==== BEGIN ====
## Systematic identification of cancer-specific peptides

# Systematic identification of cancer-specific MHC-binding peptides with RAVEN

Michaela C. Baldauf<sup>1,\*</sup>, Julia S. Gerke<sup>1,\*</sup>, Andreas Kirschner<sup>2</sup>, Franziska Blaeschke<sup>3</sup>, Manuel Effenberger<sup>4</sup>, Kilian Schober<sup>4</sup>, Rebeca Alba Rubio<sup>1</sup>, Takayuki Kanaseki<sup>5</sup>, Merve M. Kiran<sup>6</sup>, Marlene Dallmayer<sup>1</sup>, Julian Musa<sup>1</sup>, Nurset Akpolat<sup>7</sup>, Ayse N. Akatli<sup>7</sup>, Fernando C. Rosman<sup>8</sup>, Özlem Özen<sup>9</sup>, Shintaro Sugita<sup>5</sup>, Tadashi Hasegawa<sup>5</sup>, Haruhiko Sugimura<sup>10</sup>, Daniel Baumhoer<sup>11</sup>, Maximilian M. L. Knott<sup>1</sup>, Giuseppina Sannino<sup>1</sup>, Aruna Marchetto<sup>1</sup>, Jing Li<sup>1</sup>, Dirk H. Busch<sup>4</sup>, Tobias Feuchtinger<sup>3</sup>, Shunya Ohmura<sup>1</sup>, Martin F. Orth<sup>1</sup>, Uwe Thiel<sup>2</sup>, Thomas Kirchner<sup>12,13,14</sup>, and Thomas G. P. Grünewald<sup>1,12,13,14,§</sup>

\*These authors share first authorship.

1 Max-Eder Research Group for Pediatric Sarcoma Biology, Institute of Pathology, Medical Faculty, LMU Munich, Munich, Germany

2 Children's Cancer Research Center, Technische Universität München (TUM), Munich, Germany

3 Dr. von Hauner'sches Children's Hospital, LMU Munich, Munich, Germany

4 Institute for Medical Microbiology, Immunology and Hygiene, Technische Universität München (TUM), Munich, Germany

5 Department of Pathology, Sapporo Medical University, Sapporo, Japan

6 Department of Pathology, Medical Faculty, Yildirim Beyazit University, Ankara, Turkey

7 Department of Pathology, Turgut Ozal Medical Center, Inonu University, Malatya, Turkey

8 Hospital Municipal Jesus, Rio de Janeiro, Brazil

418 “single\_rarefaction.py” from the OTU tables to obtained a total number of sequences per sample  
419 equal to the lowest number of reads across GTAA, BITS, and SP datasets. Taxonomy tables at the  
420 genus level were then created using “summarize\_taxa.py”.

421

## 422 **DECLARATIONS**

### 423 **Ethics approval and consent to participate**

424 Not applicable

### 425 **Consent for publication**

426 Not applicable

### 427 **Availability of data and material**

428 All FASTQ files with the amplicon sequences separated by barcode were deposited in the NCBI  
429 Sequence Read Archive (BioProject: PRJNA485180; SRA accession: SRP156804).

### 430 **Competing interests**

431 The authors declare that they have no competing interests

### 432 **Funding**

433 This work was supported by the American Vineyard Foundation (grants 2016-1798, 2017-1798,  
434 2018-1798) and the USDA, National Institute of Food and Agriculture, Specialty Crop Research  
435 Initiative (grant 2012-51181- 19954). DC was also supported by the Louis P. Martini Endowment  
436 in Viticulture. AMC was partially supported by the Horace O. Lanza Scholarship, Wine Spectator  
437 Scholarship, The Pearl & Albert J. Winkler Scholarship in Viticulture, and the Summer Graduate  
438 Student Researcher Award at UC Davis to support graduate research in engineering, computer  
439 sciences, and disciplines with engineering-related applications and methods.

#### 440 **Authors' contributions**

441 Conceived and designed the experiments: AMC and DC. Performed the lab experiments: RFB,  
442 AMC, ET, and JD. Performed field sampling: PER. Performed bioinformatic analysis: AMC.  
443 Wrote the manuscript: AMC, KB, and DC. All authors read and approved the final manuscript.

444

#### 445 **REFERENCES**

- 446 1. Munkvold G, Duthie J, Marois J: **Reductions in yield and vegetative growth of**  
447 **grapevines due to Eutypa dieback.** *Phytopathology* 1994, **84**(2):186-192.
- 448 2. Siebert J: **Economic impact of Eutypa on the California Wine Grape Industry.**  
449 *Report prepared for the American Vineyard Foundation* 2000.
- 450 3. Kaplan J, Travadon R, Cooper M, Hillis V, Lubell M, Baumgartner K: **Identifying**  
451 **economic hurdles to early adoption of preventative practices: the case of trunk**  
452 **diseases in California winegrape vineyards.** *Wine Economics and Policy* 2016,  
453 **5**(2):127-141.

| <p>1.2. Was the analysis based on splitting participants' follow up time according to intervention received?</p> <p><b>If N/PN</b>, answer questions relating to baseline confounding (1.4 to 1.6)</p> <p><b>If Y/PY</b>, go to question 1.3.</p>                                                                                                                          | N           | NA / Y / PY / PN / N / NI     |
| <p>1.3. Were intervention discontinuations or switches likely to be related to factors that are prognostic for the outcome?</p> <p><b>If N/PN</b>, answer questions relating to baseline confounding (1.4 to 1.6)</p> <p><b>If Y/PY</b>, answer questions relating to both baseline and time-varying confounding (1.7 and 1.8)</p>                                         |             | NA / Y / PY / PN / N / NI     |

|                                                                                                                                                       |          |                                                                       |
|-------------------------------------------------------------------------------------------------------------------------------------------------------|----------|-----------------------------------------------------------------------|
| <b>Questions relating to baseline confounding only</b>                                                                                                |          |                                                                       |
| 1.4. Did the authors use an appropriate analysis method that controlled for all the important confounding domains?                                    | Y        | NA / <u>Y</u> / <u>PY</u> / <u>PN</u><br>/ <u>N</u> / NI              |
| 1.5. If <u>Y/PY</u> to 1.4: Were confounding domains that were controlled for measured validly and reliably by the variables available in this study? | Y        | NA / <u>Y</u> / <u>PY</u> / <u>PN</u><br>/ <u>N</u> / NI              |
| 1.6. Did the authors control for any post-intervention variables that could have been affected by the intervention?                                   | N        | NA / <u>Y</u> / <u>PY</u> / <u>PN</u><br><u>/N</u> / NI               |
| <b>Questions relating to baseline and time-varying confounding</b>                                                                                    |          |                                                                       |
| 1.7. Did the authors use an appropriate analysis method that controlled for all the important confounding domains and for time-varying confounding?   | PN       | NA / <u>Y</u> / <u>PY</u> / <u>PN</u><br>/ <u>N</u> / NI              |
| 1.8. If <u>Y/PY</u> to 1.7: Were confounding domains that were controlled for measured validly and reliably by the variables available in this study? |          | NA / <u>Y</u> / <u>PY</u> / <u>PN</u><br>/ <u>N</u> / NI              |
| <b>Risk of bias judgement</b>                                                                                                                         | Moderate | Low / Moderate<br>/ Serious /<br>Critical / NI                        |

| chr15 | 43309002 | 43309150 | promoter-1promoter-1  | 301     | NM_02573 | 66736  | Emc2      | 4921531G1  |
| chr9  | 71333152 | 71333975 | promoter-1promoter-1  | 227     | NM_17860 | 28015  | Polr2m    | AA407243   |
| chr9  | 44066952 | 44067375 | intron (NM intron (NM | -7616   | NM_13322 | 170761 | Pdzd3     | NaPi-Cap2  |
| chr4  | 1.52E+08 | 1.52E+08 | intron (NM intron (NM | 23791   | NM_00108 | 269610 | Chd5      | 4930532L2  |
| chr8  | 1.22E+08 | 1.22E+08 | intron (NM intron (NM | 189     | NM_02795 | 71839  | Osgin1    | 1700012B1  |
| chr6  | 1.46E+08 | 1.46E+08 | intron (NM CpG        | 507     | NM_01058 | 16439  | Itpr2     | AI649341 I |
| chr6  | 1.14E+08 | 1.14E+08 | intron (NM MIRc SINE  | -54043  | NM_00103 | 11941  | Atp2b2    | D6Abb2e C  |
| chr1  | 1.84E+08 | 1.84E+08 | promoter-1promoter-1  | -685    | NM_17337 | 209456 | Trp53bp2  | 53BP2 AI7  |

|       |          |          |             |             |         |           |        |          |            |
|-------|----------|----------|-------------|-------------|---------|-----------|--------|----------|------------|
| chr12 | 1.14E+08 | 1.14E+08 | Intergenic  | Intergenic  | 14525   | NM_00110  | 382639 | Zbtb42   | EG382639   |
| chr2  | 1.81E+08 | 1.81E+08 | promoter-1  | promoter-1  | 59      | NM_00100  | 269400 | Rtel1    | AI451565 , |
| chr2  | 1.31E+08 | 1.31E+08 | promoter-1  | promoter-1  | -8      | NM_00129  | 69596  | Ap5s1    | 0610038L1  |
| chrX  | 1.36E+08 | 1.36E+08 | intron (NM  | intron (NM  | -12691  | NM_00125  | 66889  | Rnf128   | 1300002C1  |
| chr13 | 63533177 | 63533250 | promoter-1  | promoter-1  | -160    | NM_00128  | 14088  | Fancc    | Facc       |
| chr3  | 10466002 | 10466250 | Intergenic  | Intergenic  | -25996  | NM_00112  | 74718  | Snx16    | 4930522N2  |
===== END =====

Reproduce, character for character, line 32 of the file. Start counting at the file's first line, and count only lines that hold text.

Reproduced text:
437 Scholarship, The Pearl & Albert J. Winkler Scholarship in Viticulture, and the Summer Graduate  